Jeremy Bird

Jeremy Bird

University of Queensland

Jeremy's lectures

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3rd World Seabird Conference

Petrel responses to invasive species eradication on Macquarie Island


Invasive alien species are the most prevalent threat to seabirds worldwide. Recent syntheses demonstrate the progress that has been made in tackling this threat and facilitating seabird recovery, but they've also highlighted deficiencies in outcome monitoring. Australia's Macquarie Island, a Tasmanian State Reserve and World Heritage Site, has received major conservation investment for the management of invasive predators. The eradication of rabbits, rats and mice in 2011-2014 is the second largest eradication globally to date. One of the main motivations for pest management was to improve the status of nationally threatened seabird populations, although no specific recovery targets exist. We report the results of a three-year study to quantify short-term post-eradication responses of four burrowing petrels and consider longer-term responses based upon current trajectories. Blue Petrels and Grey Petrels were virtually or entirely extirpated from mainland Macquarie Island in the 20th Century. Population size, range and breeding productivity suggest both species are now increasing faster than the natural rate of population growth with immigration likely augmenting their populations. Antarctic Prions and White-headed Petrels remained extant in the presence of invasive predators, although their populations were in decline in the 1970s and had low productivity. There is little evidence of range expansion by either species, but contemporary estimates of both populations are an order of magnitude higher than the only previous island-wide estimates from the late 1970s. Current breeding productivity suggests their populations are now increasing. Our study provides quantitative evidence of population recovery and suggests pest management has achieved a short-term outcome of improving the status of nationally threatened seabird populations. However, we also find that current populations are well short of potential carrying capacity in this island ecosystem, something we may adopt as a longer-term objective of pest management.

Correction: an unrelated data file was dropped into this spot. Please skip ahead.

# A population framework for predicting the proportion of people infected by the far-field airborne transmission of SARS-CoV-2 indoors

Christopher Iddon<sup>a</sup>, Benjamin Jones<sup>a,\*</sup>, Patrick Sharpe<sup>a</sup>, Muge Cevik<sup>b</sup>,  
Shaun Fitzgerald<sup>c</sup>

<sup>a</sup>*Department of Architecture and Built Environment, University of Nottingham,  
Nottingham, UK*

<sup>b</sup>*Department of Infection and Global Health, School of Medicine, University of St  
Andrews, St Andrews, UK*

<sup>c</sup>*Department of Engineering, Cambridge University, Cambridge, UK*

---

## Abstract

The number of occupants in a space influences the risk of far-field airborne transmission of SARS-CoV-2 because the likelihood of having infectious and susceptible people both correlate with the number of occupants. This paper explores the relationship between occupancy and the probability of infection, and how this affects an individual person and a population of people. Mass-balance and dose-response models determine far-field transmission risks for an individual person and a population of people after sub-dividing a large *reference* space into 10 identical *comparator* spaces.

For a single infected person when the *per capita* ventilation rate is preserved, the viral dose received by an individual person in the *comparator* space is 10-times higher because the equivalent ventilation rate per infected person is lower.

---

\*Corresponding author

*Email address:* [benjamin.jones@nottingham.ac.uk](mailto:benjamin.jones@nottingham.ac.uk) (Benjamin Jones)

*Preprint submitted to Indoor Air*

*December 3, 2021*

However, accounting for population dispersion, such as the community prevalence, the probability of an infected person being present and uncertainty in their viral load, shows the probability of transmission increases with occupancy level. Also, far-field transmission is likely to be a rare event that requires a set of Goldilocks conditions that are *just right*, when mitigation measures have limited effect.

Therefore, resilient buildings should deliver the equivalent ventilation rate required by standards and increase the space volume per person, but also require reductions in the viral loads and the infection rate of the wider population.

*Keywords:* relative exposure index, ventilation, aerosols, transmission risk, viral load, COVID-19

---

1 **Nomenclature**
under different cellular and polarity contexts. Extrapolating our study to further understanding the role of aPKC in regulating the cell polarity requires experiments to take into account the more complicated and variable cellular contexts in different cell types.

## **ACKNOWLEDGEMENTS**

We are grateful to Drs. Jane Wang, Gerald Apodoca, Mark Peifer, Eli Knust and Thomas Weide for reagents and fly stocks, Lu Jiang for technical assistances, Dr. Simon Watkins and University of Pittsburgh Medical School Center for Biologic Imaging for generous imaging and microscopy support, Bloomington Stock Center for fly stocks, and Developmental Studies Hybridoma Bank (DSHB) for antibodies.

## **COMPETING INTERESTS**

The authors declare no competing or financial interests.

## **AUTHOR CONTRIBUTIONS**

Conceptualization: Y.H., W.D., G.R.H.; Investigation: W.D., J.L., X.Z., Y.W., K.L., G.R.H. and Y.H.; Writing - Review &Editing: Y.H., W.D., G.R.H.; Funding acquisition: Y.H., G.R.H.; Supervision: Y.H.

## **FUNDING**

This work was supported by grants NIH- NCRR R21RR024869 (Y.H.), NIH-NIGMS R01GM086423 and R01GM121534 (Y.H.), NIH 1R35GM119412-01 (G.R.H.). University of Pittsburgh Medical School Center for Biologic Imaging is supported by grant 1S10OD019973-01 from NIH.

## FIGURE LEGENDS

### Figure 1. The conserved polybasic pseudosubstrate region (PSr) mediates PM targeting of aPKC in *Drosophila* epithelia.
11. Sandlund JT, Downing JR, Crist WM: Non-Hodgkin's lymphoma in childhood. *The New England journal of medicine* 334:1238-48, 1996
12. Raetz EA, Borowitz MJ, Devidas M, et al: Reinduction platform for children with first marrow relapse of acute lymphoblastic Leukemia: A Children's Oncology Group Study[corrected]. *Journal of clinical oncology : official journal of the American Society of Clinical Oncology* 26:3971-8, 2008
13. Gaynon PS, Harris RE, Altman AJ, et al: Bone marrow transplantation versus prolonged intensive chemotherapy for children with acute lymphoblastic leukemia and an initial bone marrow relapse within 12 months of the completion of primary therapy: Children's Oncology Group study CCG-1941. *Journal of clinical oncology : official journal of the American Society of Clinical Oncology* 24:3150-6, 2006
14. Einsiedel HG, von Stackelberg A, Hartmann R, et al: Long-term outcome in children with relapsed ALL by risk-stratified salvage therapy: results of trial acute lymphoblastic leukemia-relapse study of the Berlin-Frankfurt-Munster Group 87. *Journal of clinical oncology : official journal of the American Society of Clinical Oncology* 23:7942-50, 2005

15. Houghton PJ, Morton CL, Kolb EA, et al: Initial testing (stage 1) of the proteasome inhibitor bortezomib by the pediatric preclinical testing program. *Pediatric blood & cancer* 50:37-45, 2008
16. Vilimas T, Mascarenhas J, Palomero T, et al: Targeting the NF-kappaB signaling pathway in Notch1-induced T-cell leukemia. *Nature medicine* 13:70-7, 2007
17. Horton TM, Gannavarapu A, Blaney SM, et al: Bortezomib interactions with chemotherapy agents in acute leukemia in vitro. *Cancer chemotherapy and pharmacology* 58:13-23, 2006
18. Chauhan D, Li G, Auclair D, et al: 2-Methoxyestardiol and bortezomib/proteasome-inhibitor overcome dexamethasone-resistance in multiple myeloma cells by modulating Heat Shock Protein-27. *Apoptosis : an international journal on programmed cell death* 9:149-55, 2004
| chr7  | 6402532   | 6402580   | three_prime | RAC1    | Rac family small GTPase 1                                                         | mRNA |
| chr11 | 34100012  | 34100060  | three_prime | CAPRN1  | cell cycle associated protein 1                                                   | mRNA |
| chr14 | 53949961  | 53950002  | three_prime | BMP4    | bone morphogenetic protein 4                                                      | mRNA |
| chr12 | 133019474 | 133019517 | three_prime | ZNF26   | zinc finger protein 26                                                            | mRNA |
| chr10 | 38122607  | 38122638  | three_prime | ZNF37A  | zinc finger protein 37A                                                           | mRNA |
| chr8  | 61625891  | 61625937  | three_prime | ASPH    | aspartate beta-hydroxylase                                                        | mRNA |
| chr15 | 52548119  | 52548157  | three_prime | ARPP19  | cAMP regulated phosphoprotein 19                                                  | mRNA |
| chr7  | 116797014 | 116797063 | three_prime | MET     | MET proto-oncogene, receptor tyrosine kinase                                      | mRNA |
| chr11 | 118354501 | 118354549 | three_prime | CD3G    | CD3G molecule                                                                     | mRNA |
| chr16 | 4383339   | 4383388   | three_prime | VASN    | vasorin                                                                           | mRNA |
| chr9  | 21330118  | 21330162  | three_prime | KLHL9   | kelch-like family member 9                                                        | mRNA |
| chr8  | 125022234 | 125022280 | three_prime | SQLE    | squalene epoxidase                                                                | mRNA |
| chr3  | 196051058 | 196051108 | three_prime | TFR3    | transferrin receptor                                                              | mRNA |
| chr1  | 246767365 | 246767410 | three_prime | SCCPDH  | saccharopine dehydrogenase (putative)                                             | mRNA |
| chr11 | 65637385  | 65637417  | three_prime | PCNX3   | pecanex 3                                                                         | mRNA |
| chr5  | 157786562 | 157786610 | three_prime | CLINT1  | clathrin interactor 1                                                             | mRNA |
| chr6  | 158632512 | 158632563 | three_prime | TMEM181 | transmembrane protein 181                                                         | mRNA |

Jeremy Bird¹, Richard Fuller¹, Rachael Alderman², Justine Shaw¹

¹University of Queensland, ²Tasmanian Government


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